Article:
After all this week’s palaver about whether Tiger Roll’s rating would be compressed for the Grand National, and if so by how much, I thought it would be good to seek some clarity on the whole issue of compression. I’ve always liked the basic idea as a necessary means of making the race more fair, but the way in which it has been applied from one year to the next has seemed capricious and unpredictable.
There is not just the question of how much the top-rated horse should be indulged with a reduced rating, but how many of those below him should be compressed. The answer has tended to sound like: “I’ll let A have 7lb, then B 3lb and 1lb each for C and D,” with no sign of anything like a mathematical formula.
The lack of certainty leads to argument and then ill-feeling if connections don’t get the outcome they were hoping for, as we have seen over Tiger Roll. So why can’t we lay out specific guidelines for compression, somewhere on the BHA website, so that people have a clear idea what to expect?
I was thinking of something like a sliding scale, so that, say, horses rated 170 or up might have a default compression factor of 5lb, declining to 1lb for those rated around 160. This works if, like me, you see compression as a final factor to be applied to a rating that you are comfortable with, a means of compensating highly-weighted horses for the expectation that weight will make more of a difference in such an extreme stamina test.
But the response I got from the BHA’s head of handicapping, Dominic Gardiner-Hill, suggests the compression factor depends very largely on the horse’s profile. “There are a number of factors taken into account when considering the possible reduction in a horse’s rating for the race,” he said. “High on the list will be profile of the horse concerned and previous course form.
“A well-exposed horse whose recent form has not been up to previous levels might well have his rating compressed slightly, as might a horse with no previous experience of the course, but horses with proven form over the fences are unlikely to dropped as much (if at all) and, in some cases, might even be raised a pound or two to reflect their course form relative to their park course form – this has been known as the ‘Aintree factor’.”
This muddies the water and kills my hope of clarity as to how compression will be applied in the future. It means the handicapper’s impression of a horse will rule supreme, even though that is already baked into the horse’s pre-existing rating.
I would have thought the effect of weight over an extreme distance would be something that would affect all horses, justifying a consistent use of compression in the National. The BHA approach suggests it affects some, but not others. It also marks the return in a big way of the “Aintree factor”, even though the handicapper, Martin Greenwood, told me last year that it was an outdated concept, “something a bit more from yesteryear”.
We can look forward to more compression aggression next year.
One For Arthur ‘better than before 2017 National’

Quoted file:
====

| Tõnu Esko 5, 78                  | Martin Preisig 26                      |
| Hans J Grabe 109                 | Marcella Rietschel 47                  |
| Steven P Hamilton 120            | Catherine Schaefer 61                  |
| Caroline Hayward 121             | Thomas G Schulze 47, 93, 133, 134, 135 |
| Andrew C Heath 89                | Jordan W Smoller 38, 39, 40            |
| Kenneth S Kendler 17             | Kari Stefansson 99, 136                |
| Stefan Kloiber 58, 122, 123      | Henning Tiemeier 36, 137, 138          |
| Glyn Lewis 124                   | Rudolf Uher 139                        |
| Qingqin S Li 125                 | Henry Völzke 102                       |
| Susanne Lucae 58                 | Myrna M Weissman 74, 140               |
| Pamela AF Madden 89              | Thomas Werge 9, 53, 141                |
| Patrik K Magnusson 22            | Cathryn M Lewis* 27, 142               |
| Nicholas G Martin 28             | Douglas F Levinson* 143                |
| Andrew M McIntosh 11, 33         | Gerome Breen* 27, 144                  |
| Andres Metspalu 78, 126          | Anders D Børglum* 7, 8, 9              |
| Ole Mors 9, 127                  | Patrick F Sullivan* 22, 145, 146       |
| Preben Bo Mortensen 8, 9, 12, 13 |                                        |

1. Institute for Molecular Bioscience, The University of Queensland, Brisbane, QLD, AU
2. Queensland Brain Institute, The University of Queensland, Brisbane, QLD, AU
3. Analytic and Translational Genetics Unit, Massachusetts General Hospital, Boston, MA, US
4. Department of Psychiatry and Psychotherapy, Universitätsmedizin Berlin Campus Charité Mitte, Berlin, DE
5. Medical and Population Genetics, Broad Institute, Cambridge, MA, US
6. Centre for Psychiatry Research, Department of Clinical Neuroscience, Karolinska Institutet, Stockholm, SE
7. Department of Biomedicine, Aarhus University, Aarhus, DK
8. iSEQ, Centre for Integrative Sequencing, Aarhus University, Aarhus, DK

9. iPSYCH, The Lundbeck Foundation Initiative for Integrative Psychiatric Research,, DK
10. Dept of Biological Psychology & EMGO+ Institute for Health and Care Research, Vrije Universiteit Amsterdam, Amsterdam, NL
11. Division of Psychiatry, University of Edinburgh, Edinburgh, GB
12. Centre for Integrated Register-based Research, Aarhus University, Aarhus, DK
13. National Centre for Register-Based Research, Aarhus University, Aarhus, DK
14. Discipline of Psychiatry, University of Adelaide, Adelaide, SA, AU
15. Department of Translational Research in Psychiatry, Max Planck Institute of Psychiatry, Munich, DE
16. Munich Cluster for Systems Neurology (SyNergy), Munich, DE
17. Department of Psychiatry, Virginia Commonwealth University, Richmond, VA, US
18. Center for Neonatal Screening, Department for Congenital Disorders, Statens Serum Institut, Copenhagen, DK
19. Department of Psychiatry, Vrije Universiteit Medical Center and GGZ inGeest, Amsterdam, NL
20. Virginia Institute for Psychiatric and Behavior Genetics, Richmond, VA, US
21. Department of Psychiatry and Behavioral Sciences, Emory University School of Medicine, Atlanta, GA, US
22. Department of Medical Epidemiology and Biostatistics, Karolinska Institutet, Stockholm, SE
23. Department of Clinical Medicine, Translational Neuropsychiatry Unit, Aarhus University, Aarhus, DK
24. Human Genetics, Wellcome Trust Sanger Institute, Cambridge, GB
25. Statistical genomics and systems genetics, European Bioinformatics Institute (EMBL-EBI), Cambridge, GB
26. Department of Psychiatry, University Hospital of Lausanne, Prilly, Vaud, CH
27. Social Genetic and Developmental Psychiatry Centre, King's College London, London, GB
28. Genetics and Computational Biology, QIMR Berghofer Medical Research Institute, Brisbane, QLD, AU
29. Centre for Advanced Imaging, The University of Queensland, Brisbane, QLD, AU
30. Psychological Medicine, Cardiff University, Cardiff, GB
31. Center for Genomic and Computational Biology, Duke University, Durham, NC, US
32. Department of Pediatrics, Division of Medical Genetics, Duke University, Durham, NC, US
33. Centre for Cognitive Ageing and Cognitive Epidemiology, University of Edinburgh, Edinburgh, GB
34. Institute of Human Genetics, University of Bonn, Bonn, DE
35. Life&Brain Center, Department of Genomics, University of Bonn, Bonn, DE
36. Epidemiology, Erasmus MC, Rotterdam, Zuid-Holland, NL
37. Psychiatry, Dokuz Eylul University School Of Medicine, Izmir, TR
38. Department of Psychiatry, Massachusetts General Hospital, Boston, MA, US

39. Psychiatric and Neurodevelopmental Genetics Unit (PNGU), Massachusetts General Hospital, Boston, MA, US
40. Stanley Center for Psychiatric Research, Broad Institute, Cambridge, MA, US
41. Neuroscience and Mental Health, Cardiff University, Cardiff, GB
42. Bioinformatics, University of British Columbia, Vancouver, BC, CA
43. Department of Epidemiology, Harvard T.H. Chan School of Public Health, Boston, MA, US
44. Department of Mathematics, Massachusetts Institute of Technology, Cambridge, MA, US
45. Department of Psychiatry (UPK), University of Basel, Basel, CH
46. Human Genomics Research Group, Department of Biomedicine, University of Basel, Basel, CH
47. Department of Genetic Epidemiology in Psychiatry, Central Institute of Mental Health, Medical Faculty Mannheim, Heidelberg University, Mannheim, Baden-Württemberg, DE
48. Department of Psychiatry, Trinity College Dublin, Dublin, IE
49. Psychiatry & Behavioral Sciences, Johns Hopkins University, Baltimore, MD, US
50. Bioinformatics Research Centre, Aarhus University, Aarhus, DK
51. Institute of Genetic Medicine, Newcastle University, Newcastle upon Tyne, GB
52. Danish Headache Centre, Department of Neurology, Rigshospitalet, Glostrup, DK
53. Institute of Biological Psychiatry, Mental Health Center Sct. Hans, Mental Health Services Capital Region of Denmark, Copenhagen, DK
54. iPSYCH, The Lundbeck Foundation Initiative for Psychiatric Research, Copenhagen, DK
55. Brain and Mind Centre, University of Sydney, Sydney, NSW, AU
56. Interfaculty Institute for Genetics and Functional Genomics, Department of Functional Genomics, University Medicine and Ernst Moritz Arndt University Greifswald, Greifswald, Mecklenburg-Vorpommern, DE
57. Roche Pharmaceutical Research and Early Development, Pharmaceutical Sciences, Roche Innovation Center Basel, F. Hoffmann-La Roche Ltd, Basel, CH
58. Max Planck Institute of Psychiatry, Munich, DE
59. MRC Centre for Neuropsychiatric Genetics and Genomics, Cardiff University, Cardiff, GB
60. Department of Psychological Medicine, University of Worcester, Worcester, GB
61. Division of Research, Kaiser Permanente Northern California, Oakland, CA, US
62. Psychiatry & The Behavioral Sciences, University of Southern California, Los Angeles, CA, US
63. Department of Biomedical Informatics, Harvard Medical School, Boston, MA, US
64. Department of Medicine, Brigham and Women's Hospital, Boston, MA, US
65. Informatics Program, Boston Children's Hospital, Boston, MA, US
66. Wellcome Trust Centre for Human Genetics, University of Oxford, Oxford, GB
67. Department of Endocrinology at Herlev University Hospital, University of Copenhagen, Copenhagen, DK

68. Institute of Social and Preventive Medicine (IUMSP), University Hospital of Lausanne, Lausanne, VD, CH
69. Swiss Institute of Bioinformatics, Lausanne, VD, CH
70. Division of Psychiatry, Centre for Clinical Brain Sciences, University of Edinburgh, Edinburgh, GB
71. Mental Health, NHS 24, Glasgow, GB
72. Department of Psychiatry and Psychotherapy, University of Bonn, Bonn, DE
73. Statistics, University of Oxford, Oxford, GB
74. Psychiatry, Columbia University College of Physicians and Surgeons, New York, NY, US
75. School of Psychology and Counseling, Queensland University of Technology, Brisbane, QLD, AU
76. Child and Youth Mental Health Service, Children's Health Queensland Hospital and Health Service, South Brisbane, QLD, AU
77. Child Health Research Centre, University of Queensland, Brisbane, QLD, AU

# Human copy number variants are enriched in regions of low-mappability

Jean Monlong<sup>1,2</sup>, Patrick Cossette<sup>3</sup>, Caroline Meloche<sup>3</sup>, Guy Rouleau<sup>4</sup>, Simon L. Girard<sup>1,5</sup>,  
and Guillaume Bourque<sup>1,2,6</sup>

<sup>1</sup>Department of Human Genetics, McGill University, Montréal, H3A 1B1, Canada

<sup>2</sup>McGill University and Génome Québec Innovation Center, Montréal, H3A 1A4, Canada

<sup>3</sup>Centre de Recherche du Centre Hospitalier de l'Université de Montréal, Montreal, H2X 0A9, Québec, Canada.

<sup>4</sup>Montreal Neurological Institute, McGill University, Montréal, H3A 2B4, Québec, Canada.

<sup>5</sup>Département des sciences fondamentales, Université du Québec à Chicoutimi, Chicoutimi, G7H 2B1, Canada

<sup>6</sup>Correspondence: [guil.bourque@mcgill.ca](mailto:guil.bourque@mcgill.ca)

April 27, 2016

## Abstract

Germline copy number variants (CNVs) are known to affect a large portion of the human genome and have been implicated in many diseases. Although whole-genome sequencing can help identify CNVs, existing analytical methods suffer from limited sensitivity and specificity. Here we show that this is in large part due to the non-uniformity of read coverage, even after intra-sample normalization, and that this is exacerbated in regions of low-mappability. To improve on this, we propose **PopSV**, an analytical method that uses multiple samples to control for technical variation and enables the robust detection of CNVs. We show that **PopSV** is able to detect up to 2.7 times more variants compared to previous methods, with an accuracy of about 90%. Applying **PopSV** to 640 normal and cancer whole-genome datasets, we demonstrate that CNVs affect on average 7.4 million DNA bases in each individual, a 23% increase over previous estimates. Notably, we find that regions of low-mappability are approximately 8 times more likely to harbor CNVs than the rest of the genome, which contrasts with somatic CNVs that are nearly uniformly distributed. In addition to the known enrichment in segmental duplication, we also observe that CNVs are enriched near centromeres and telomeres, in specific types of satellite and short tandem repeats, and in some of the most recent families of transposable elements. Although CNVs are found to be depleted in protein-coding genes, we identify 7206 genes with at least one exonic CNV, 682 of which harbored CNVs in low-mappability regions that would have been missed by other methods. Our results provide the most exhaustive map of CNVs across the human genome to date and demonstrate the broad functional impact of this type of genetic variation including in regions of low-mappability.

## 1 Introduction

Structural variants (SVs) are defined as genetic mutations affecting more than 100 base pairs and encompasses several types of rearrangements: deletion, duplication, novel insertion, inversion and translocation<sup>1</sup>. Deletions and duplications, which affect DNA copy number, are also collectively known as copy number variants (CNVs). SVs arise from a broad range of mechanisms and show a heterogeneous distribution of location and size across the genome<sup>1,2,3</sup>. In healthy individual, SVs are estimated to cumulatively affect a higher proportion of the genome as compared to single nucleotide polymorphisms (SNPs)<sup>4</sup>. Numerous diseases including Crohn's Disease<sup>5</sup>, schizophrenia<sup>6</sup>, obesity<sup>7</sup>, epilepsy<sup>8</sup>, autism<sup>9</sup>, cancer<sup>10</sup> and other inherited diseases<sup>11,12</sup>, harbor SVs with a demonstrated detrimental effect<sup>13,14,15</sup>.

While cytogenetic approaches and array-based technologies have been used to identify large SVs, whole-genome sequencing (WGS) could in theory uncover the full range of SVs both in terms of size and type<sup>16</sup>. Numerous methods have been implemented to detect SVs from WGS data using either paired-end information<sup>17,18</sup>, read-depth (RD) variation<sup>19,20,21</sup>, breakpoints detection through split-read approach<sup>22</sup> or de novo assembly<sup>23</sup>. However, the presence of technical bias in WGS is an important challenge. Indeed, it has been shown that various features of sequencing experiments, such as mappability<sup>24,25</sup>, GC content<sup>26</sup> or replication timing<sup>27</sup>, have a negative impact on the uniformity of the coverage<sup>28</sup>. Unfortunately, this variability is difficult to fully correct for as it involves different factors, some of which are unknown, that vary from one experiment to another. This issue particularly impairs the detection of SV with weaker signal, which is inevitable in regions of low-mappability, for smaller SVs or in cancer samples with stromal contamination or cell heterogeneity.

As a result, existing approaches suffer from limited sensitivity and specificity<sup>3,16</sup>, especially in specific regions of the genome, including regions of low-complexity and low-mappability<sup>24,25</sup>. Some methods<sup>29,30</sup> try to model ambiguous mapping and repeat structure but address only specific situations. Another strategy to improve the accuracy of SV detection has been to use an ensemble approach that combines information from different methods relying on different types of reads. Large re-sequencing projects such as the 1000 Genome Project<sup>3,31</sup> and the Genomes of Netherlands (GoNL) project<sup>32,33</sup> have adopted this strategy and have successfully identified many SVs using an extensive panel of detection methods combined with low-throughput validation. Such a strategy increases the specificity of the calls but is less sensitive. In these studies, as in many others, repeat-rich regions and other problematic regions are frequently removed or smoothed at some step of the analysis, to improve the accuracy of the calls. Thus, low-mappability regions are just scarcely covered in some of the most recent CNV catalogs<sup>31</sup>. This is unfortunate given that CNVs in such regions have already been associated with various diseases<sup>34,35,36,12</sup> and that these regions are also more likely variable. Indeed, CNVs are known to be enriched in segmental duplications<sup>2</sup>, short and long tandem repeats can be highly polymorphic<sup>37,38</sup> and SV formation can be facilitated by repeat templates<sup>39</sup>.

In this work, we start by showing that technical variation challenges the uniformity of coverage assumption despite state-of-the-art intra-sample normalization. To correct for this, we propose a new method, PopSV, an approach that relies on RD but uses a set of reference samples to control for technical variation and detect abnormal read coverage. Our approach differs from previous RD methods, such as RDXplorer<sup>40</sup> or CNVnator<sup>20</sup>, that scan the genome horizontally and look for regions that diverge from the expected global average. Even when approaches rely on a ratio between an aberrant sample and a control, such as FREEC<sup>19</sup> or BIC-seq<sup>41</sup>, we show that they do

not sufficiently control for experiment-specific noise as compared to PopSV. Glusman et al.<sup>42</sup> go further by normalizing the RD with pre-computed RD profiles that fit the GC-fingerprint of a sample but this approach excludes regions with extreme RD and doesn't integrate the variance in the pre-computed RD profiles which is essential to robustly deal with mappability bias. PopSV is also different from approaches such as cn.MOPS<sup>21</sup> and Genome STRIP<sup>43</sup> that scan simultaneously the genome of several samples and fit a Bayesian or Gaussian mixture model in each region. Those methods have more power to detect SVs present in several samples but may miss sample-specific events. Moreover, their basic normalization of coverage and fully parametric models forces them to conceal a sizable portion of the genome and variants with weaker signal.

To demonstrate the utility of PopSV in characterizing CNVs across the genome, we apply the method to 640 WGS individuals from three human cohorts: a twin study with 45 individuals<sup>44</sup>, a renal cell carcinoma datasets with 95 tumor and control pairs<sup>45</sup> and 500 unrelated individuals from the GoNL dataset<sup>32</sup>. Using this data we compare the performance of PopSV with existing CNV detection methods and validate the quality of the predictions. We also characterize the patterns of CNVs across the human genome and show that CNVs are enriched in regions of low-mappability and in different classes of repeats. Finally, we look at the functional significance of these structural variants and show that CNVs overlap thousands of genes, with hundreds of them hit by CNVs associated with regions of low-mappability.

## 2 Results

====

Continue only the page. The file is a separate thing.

One For Arthur is having a better buildup to April’s Grand National than in the year he won the race, his trainer suggested on Wednesday. Fife-based Lucinda Russell is enthused about the veteran’s chances and hopes to see a big run from him when he lines up at Haydock on Saturday, his first outing after a wind operation.
So much debate has been focused on Tiger Roll since the weights were published on Tuesday that it could be said none of the remaining 102 entrants are getting the attention they deserve. But it may be a mistake to overlook One For Arthur, whose handicap rating has dropped to 148, the same rating from which he won the 2017 National by four lengths.
A tendon injury kept him off the track for the next 20 months and he has had just five runs since but Russell said: “In my mind, he’s better than he was before he won the National, at the same stage of the season. The runup that we’ve had, he’s been feeling great. When he came back in the summer he was better then than he’s ever been and I think he’s continued that.”
Thursday’s best bets
Sensationally, Leicester has passed a raceday inspection for once and we have jump racing. I’m enthused about the chance to back Everlanes (2.30) again after her emphatic win at Taunton, for which an 8lb rise was reasonable.
She had already shown in defeat on Boxing Day that she was going to be a lot better over fences than hurdles and there is chasing blood in her pedigree. Odds of 9-4 in a four-runner race seem very fair.
The market likes Quick Wave, which surprises me. Yes, she’s going right-handed after spoiling her chance by jumping to the right around Warwick. But, setting aside the tendency to go right, her jumping was less than impressive in other ways and she hasn’t been seen for nearly three months, during which time the Venetia Williams yard has gone a bit off the boil.
I was interested in Donatello Mail, who showed such improvement on his chasing and handicapping debut last time, but his odds are sliding out in a manner I find frankly discouraging. So my only other interest on the card is Vocaliser (2.00), who had been out of form for a couple of years until running second at Sedgefield last week, a breathing operation having possibly helped along with a declining handicap mark. He’s 2-1.
At Chelmsford, William Ashford (6.00) is interesting at 20-1 with Ben Curtis up. He’s very nicely treated on the pick of his old Irish form and his effort under a claimer last time was not entirely devoid of promise.
Vocaliser 2.30 Everlanes (nap) 3.00 Caltex 3.30 First Flow (nb) 4.00 Donatello Mail 4.30 Kashmir Peak
5.30 Garsman 6.00 William Ashford 6.30 Grandee Daisy 7.00 Solar Heights 7.30 Lucky’s Dream 8.00 Pitcher’s Point 8.30 Temujin